(July 11, 1831–June 8, 1922)
–19th-century female pioneer in Iowa public and higher education—was one of six children of Richard and Hannah Sudlow. Born in Poughkeepsie, New York, she moved with her family at the age of four to a farm near Nelsonville, Ohio, where she attended school in a log cabin. After receiving further education at Athens Academy in Athens, Ohio, Sudlow, then 15, returned to her home to teach in that log cabin. After her father's death in 1851, Sudlow moved to Rockford, Illinois, in 1855 to live with her brother, and shortly thereafter the family moved to Round Grove in Scott County, Iowa, where she taught in the local school.
Sudlow's outstanding abilities as a teacher caught the notice of Abram Kissell, superintendent of the Scott County and Davenport schools. He appointed her assistant in Davenport's subdistrict No. 5 in 1858, named her assistant principal of both Grammar School No. 2 and District School No. 3 the following year, and in 1860 designated her as principal of both schools, possibly the first female public school principal in the United States and probably the first female principal in a municipal school system.
During those years, Sudlow actively advocated equal pay for women educators. Her arguments for equal pay to the Davenport Board of Education eventually resulted in adoption of the same pay scale for men and women, an unusual policy not only for the time but for well into the 20th century. Sudlow carried her crusade to the Iowa State Teachers Association (ISTA), which did not grant women teachers status as full members. In 1862 she served on an ISTA committee that recommended equal membership and the same dues structure for male and female educators. Along with her successful campaigns for female equality, Sudlow breached the barriers to public presentations by women in 1869, when Abram Kissell, then State Superintendent of Public Instruction, had her speak about language instruction to a predominantly male gathering of administrators and teachers in Des Moines.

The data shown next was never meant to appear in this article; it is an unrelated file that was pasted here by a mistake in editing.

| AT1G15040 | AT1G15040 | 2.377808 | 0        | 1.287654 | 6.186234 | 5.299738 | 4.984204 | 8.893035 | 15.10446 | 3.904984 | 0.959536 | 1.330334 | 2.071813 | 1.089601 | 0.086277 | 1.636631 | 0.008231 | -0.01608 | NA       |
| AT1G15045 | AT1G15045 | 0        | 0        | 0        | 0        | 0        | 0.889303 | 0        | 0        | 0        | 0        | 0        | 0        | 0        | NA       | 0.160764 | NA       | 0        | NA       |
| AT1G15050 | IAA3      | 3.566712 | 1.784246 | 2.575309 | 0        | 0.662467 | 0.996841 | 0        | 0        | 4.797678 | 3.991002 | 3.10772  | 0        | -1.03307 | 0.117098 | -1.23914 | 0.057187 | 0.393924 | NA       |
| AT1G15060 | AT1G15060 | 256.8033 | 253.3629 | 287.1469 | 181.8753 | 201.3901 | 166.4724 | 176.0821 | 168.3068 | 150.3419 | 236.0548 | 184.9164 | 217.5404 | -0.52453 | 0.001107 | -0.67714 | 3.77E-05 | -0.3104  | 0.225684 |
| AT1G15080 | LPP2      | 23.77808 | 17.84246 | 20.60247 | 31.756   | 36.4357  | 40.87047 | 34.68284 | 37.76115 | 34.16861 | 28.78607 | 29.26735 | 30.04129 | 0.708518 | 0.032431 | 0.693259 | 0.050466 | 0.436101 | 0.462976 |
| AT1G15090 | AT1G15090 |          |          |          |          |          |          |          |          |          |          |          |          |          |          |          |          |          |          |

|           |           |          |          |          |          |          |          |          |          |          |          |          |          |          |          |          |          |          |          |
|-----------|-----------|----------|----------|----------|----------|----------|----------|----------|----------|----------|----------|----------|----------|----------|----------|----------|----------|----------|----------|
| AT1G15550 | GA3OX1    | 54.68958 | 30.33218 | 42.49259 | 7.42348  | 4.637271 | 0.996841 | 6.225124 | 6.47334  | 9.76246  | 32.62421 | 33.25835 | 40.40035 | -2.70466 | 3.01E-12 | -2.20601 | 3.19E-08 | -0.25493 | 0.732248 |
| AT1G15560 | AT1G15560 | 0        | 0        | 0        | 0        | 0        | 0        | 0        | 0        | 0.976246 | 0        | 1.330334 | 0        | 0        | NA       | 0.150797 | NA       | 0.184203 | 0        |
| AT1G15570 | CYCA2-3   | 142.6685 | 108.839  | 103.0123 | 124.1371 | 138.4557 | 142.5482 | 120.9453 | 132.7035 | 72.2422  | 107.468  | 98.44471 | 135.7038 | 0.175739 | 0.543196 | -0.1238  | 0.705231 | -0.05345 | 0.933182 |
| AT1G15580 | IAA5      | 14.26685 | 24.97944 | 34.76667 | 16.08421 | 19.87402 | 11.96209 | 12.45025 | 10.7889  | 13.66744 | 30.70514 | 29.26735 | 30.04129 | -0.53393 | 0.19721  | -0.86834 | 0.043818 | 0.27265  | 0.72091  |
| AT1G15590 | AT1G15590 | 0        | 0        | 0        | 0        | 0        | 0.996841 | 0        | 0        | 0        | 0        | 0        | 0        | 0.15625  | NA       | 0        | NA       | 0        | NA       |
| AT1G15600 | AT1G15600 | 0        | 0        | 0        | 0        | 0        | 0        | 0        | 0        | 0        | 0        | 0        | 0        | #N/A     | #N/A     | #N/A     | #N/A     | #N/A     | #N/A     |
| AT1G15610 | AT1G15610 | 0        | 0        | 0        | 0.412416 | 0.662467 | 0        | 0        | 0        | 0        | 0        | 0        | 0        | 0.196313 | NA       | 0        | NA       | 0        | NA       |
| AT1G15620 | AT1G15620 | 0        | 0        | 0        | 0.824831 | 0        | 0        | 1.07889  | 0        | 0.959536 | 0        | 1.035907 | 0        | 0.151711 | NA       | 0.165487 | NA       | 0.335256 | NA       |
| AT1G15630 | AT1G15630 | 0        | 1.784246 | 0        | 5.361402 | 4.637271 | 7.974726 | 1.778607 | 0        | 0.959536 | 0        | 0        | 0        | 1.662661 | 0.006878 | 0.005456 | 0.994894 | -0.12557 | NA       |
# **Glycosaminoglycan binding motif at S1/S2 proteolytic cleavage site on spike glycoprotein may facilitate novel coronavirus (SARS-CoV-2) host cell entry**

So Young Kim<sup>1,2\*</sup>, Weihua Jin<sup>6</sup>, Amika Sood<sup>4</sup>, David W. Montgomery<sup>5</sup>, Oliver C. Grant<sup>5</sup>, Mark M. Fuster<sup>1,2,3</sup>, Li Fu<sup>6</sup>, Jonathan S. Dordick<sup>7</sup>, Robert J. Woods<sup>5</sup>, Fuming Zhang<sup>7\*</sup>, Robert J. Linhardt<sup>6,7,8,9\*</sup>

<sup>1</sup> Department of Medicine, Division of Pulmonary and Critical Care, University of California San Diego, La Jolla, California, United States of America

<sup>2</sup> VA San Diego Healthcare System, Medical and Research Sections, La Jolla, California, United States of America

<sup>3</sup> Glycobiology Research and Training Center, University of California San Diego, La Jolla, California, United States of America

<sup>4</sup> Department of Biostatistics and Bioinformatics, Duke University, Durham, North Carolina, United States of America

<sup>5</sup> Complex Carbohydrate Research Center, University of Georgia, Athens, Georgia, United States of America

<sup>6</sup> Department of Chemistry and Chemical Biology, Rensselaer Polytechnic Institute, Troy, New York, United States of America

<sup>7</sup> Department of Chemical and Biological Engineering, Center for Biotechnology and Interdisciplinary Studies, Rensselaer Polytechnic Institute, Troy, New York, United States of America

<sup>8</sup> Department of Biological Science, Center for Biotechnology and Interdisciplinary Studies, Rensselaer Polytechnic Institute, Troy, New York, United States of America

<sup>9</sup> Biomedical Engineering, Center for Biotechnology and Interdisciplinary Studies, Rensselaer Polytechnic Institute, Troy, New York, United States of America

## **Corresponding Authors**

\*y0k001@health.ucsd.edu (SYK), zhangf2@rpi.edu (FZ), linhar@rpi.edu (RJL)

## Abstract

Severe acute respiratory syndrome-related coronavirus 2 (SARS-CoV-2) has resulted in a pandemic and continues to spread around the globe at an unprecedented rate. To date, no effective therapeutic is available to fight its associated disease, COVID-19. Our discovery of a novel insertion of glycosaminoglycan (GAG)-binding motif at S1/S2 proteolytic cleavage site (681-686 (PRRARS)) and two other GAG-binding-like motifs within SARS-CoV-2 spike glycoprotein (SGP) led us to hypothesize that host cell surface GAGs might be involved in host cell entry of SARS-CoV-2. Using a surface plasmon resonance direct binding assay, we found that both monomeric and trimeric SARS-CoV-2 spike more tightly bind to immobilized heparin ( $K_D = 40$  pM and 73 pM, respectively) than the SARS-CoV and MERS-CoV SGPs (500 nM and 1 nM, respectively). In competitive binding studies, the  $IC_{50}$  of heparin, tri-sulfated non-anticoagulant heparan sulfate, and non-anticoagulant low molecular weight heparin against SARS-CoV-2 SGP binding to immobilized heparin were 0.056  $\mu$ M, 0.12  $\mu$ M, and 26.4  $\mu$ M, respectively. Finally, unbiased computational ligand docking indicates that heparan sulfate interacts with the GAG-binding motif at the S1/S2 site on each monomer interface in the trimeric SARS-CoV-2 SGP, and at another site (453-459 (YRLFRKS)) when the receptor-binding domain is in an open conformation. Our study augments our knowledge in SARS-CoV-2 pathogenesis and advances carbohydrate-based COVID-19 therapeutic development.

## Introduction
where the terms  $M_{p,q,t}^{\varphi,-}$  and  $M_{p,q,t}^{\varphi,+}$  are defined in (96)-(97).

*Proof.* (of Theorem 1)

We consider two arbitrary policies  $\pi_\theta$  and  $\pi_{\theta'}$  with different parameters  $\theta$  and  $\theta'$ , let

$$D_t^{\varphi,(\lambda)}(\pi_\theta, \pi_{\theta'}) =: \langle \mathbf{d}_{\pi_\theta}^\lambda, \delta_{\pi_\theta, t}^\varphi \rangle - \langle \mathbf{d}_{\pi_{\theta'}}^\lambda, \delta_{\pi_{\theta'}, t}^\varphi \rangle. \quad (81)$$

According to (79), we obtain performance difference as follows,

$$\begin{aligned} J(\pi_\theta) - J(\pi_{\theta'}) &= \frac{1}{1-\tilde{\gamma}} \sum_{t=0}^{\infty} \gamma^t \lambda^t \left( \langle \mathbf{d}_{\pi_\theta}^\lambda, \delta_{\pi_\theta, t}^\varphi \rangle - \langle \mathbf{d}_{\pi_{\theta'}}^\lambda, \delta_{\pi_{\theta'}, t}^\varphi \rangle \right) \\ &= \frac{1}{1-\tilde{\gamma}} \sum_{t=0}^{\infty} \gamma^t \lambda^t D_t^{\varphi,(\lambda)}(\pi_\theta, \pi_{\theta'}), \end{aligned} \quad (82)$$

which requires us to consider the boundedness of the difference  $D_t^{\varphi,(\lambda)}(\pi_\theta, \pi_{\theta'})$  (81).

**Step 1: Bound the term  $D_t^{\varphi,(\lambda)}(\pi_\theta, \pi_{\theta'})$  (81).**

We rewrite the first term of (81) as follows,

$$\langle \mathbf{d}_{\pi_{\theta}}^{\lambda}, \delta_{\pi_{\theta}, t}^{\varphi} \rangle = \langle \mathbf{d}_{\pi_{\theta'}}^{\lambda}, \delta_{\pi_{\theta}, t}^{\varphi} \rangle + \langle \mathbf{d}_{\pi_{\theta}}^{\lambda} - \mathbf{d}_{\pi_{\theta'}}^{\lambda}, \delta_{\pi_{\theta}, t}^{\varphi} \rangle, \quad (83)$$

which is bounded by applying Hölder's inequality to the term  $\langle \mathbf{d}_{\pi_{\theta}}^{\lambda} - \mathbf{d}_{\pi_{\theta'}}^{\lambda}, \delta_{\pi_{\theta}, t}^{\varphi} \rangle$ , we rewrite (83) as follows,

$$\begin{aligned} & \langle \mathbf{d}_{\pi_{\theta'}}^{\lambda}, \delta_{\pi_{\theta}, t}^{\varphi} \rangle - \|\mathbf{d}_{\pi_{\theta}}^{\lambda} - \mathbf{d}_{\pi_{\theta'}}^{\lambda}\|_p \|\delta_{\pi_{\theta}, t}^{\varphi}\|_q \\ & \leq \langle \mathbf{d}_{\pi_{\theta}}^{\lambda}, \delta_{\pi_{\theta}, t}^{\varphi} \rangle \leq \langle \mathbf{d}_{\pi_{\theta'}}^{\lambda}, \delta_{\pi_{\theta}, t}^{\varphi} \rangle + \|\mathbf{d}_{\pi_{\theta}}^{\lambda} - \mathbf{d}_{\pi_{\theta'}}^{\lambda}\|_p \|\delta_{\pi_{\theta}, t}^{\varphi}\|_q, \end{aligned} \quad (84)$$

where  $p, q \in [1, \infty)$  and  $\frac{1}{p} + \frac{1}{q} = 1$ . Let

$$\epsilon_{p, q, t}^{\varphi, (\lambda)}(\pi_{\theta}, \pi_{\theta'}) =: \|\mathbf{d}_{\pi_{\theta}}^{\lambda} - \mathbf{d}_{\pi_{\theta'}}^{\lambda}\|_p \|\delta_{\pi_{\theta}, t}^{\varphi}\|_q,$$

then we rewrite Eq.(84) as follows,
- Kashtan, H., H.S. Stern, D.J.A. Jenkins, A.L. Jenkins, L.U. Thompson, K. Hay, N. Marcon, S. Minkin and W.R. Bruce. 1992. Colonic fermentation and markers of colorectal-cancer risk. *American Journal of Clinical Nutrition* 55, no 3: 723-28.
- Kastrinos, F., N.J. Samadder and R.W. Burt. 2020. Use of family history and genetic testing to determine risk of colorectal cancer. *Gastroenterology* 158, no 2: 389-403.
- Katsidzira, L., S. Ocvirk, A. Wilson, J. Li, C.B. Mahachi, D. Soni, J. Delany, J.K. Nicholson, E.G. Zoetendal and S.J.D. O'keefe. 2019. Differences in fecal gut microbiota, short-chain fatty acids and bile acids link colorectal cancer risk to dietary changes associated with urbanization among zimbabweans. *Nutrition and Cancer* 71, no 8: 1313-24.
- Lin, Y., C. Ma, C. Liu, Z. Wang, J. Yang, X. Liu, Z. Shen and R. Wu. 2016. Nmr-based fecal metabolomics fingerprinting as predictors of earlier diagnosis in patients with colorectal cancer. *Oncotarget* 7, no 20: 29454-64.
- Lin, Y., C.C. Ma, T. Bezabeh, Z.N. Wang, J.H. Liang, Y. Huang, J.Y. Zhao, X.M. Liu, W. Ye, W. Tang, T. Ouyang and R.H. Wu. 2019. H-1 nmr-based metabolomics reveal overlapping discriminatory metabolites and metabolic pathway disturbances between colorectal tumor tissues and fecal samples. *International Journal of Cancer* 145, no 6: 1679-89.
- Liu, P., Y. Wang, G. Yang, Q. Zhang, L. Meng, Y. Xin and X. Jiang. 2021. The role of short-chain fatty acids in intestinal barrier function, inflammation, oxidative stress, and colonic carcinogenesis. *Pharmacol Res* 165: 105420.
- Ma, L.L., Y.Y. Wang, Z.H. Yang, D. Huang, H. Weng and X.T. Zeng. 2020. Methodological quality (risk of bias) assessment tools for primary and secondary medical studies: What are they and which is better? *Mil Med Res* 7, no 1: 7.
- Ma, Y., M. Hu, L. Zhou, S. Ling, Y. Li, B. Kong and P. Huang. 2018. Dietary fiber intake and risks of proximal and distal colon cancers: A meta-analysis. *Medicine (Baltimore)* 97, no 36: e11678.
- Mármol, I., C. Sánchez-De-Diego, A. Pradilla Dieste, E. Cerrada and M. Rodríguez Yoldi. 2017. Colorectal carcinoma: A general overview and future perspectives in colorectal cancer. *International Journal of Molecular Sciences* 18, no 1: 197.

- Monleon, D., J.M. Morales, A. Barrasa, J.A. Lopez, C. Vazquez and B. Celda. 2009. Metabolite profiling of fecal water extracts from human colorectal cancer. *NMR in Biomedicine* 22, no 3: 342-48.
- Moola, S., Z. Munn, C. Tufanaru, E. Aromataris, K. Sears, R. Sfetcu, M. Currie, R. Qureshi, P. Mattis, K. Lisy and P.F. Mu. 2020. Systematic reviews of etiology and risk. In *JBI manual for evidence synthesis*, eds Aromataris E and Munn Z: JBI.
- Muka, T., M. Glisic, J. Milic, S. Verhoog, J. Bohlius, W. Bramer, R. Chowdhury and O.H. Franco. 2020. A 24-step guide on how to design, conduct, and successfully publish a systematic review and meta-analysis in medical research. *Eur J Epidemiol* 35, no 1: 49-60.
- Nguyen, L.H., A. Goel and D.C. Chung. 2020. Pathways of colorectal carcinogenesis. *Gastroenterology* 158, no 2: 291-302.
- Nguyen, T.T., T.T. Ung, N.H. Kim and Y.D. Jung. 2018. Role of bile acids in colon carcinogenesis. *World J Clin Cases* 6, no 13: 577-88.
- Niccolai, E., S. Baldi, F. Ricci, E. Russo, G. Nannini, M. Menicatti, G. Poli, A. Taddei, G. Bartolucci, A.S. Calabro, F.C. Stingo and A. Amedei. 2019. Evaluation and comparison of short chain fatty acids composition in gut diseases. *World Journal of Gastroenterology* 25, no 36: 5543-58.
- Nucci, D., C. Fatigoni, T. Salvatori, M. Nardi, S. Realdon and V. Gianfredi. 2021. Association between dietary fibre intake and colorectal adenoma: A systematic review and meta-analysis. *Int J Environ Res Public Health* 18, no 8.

Sudlow expanded her teaching endeavors in 1872, when she became principal of the Davenport Training School for Teachers. She also served as principal of Grammar School No. 8, the dual positions resulting in a very respectable annual salary of $1,200.
Notwithstanding her previous accomplishments, Sudlow achieved a remarkable milestone in June 1874, when, by unanimous consent, the Davenport Board of Education chose her as superintendent of its schools, the first woman in the United States to hold such an administrative position in a municipal school system. However, she was less than impressed when the board offered her a lower salary than the former male superintendent had received. Her reported response was, "Gentlemen, if you are cutting the salary because of my experience, I have nothing to say; but if you are doing this because I'm a woman, I'll have nothing to do with it."The board immediately rectified the salary amount, and Sudlow was superintendent for four years, during which time Davenport residents, somewhat to their surprise, regarded her as "competent" and "responsible" and an eminently successful administrator of their schools. According to a local newspaper, Sudlow achieved "absolute freedom from complaint, disaffection, jealousies or friction among the teachers" and instituted "thoroughly efficient instruction" that demonstrated "real progress."